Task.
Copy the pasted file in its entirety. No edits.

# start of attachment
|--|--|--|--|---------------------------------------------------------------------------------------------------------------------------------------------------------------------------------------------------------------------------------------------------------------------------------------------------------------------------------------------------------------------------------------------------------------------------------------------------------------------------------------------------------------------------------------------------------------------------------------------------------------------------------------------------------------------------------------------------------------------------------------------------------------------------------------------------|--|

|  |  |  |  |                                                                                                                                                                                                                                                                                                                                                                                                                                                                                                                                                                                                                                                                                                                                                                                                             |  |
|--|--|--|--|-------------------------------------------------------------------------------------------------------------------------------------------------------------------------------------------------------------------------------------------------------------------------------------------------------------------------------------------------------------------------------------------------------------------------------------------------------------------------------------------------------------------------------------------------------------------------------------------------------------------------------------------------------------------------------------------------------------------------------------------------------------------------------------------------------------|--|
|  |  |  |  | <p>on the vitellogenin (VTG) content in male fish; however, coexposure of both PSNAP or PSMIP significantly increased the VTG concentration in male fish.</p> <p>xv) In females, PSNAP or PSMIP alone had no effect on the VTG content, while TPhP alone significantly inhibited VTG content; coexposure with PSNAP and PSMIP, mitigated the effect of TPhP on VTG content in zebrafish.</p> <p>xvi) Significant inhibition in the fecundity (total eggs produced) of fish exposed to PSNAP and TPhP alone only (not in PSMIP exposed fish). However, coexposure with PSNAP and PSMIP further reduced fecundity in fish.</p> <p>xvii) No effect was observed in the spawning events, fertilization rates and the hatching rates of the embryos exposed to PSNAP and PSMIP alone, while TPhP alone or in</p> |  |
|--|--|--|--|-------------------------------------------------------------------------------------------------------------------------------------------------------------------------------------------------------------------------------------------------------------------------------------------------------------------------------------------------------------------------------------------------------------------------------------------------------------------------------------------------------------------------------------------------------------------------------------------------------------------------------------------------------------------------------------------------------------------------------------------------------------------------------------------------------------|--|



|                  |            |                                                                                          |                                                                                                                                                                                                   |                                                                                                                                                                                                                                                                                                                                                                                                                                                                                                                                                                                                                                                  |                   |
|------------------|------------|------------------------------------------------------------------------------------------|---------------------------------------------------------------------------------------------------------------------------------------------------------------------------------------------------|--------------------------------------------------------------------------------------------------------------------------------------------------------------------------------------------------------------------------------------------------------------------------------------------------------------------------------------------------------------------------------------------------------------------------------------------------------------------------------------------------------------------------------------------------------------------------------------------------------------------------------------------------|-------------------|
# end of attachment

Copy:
|--|--|--|--|---------------------------------------------------------------------------------------------------------------------------------------------------------------------------------------------------------------------------------------------------------------------------------------------------------------------------------------------------------------------------------------------------------------------------------------------------------------------------------------------------------------------------------------------------------------------------------------------------------------------------------------------------------------------------------------------------------------------------------------------------------------------------------------------------|--|

|  |  |  |  |                                                                                                                                                                                                                                                                                                                                                                                                                                                                                                                                                                                                                                                                                                                                                                                                             |  |
|--|--|--|--|-------------------------------------------------------------------------------------------------------------------------------------------------------------------------------------------------------------------------------------------------------------------------------------------------------------------------------------------------------------------------------------------------------------------------------------------------------------------------------------------------------------------------------------------------------------------------------------------------------------------------------------------------------------------------------------------------------------------------------------------------------------------------------------------------------------|--|
|  |  |  |  | <p>on the vitellogenin (VTG) content in male fish; however, coexposure of both PSNAP or PSMIP significantly increased the VTG concentration in male fish.</p> <p>xv) In females, PSNAP or PSMIP alone had no effect on the VTG content, while TPhP alone significantly inhibited VTG content; coexposure with PSNAP and PSMIP, mitigated the effect of TPhP on VTG content in zebrafish.</p> <p>xvi) Significant inhibition in the fecundity (total eggs produced) of fish exposed to PSNAP and TPhP alone only (not in PSMIP exposed fish). However, coexposure with PSNAP and PSMIP further reduced fecundity in fish.</p> <p>xvii) No effect was observed in the spawning events, fertilization rates and the hatching rates of the embryos exposed to PSNAP and PSMIP alone, while TPhP alone or in</p> |  |
|--|--|--|--|-------------------------------------------------------------------------------------------------------------------------------------------------------------------------------------------------------------------------------------------------------------------------------------------------------------------------------------------------------------------------------------------------------------------------------------------------------------------------------------------------------------------------------------------------------------------------------------------------------------------------------------------------------------------------------------------------------------------------------------------------------------------------------------------------------------|--|



|                  |            |                                                                                          |                                                                                                                                                                                                   |                                                                                                                                                                                                                                                                                                                                                                                                                                                                                                                                                                                                                                                  |                   |
|------------------|------------|------------------------------------------------------------------------------------------|---------------------------------------------------------------------------------------------------------------------------------------------------------------------------------------------------|--------------------------------------------------------------------------------------------------------------------------------------------------------------------------------------------------------------------------------------------------------------------------------------------------------------------------------------------------------------------------------------------------------------------------------------------------------------------------------------------------------------------------------------------------------------------------------------------------------------------------------------------------|-------------------|